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Totally Huge New Music Festival 2015


 Da Contents H2

June 9 2015
Percussive partnerings
Laura Halligan: Totally Huge New Music Festival: Time Alone

Space-making Immersive vocal improvisation
Laura Halligan: Totally Huge New Music Festival, Alice Hui-Sheng Chang

Totally Huge’s percussive climax
Matthew Lorenzon: Totally Huge New Music Festival: Time Alone

May 27 2015
Adventures in timbre and texture
Alex Turley: Totally Huge New Music Festival: Time Alone

Piano adventures
Laura Halligan: Totally Huge New Music Festival, Zubin Kanga, Dark Twin

The piano and its others
Alex Turley: Totally Huge New Music Festival, Zubin Kanga, Dark Twin

May 26 2015
A fine plenitude
Matthew Lorenzon: Totally Huge New Music Festival: Breaking Out

Motion in stillness
Matthew Lorenzon: Totally Huge New Music Festival, Alice Hui-Sheng Chang

Young composers let loose
Alex Turley: Totally Huge New Music Festival, Breaking Out

May 22 2015
The many-voiced cello of an Australo-German repertoire
Matthew Lorenzon: Totally Huge New Music Festival: Friedrich Gauwerky

The sound shapers
Matthew Lorenzon: Totally Huge New Music Festival: Club Zho

May 19 2015
Folds: loose, taut & generative
Matthew Lorenzon: Johannes Sistermanns: installation, Space/Pli

The epic resonances of diffusion
Matthew Lorenzon: Steve Paraskos, Akousmatikoi

 

The percussionists Louise Devenish and Claire Edwardes teamed up with clarinetist Ashley Smith to close the Totally Huge New Music Festival with a virtuosic and powerful program.

Chris Tonkin’s IN for solo percussion and electronics was first performed in 2005 at Ircam and develops one of the most original sonic palettes in the percussion-and-electronics repertoire. Edwardes spends a fair bit of time rubbing a plastic scrubbing brush in her hands, producing a high buzzing and squeaking sound that can only be described as “puckered.” If that does not put your teeth on edge, then Edwardes’ scraping of a superball down the surface of a bass drum will. The sound is almost exactly like nails on a blackboard. Such close, dry sounds are juxtaposed with more resonant ones, like a bass drum pitch-shifted down into a thunderous, ground-shaking tone. In a show of compositional finesse, the electronic part is independent throughout, less reacting to the instrumental part than accompanying it.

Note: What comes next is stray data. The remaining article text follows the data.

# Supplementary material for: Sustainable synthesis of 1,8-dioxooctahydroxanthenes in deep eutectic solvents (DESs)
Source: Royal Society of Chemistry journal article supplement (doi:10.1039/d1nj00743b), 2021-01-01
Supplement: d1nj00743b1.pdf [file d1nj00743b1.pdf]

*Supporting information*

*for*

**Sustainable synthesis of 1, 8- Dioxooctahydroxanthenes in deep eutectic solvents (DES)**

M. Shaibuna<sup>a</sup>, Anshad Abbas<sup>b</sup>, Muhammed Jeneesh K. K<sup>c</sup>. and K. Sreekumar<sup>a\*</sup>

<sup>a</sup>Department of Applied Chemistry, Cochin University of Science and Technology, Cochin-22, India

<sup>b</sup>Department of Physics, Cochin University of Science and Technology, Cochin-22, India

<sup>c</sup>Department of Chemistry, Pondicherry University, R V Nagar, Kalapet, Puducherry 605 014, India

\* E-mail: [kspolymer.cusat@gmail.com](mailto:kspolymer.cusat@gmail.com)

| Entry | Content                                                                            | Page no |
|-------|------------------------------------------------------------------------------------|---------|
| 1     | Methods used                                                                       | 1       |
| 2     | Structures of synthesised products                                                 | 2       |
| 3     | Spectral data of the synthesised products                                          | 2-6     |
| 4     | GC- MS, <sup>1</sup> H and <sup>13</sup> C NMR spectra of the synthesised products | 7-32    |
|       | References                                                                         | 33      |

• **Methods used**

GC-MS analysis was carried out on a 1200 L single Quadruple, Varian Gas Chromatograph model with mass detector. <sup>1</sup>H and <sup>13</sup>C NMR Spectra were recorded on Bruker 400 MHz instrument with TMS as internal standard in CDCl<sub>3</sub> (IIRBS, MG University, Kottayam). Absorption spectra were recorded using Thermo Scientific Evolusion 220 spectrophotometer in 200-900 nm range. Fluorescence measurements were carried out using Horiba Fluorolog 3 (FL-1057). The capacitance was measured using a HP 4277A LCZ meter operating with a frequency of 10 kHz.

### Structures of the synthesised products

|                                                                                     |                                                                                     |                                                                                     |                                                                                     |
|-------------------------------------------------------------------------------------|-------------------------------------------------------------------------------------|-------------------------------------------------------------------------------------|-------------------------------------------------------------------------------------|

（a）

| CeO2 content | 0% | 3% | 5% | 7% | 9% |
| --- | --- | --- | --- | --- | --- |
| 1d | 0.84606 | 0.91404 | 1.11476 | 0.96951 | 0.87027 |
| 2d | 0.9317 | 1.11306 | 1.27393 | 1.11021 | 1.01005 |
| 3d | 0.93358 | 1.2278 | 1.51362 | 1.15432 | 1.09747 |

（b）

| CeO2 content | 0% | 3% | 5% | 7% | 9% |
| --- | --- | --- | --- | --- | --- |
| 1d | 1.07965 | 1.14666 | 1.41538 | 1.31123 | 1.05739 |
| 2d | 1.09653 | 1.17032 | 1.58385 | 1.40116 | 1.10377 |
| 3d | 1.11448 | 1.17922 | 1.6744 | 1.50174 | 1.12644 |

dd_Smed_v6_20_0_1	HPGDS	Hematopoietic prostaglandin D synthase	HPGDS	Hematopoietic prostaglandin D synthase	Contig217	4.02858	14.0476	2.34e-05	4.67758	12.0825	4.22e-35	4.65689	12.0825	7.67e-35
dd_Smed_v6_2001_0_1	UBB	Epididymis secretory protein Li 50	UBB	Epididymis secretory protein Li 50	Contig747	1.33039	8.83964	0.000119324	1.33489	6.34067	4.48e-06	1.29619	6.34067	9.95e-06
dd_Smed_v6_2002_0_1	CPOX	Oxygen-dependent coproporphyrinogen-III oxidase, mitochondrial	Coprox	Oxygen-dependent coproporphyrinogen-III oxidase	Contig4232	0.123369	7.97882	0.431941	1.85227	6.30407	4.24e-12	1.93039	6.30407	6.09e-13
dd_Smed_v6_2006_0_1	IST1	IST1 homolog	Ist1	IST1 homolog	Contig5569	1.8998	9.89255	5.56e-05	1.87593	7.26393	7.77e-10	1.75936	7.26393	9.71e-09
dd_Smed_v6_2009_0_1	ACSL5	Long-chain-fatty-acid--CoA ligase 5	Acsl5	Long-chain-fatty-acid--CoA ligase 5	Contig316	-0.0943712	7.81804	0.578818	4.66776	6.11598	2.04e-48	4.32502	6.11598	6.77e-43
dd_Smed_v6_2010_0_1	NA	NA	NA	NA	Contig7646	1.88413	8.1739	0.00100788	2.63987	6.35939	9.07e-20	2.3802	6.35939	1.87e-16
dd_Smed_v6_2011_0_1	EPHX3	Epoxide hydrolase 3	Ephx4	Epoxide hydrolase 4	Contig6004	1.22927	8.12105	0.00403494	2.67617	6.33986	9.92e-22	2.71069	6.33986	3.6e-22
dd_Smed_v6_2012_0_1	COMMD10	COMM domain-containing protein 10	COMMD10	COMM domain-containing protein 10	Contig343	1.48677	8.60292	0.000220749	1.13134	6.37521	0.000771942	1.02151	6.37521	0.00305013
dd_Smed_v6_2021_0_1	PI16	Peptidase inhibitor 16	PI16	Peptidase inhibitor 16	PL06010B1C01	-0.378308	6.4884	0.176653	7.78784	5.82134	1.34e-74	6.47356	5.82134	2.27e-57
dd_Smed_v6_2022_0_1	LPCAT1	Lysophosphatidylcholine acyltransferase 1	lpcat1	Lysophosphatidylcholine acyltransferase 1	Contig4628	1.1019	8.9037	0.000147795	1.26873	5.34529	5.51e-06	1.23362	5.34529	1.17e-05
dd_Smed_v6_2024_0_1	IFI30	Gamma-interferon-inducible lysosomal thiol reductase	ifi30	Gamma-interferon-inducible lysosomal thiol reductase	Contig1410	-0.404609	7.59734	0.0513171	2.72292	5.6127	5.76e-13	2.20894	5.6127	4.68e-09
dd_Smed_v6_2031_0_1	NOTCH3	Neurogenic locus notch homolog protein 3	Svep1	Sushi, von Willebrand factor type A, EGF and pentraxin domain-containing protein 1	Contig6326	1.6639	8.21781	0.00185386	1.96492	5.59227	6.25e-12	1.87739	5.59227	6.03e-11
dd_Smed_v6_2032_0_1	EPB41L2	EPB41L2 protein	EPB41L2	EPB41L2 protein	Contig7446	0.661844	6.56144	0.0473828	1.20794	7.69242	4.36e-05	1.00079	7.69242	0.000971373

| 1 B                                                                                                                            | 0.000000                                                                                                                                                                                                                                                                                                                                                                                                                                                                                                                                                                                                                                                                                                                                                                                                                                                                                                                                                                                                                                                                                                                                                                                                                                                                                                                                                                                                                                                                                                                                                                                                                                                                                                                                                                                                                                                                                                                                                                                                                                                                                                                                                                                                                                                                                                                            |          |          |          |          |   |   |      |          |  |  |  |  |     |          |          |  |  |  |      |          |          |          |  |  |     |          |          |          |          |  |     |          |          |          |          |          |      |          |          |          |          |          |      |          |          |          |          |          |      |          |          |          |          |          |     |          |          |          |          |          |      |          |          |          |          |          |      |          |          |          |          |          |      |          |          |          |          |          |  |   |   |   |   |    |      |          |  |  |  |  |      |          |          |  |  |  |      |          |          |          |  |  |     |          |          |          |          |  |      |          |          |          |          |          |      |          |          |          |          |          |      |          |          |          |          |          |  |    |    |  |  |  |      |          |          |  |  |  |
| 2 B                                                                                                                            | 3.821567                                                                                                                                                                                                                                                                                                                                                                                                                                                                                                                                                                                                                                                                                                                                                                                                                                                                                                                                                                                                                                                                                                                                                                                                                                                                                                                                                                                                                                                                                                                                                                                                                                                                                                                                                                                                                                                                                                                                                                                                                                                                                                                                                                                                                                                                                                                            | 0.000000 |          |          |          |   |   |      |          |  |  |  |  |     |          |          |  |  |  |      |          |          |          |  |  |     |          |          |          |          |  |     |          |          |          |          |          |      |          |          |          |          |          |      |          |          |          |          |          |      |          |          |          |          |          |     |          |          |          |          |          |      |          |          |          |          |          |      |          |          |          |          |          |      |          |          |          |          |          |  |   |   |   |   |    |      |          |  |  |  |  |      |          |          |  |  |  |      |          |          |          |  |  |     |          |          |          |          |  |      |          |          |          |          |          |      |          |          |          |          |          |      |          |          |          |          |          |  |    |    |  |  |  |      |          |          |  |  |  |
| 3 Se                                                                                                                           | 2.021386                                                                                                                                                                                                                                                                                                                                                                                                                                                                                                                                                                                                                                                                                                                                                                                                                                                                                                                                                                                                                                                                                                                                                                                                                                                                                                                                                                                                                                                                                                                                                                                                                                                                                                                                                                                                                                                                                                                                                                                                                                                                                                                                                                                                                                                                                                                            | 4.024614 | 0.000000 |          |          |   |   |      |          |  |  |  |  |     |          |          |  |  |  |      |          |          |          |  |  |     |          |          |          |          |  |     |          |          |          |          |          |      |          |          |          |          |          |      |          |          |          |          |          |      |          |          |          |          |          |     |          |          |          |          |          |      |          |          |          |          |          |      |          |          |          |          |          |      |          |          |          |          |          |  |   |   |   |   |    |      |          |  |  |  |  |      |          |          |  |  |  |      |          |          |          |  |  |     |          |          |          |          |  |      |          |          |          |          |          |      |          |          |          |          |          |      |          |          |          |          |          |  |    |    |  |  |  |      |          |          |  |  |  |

Magnus Lindberg’s Ablauf is a limit-example of power and volume on the clarinet. Piercing shrieks and manic, fortissimo noodling are all part and parcel of contemporary clarinet music. But Ablauf is so violent that one wonders why, after it was composed in 1983, anyone ever bothered writing a clarinet line above mezzo-piano again. Smith dug his feet into the ground at one end of the line of seven music stands. Taking a deep breath, he launched into the piece’s lung-bursting screeches and squawks. The barrage is athletic and relentless. I don’t know how anyone could keep up such ear-piercing volume for so long (there were many fingers in ears around the auditorium). About two-thirds of the way through the piece, the clarinetist actually starts screaming. At first Smith erupted into short vocal explosions among passages of virtuosic fingering, but soon the clarinet was taken out of the equation entirely. Smith effectively stands there and screams like a beast. A soothing bass clarinet movement follows.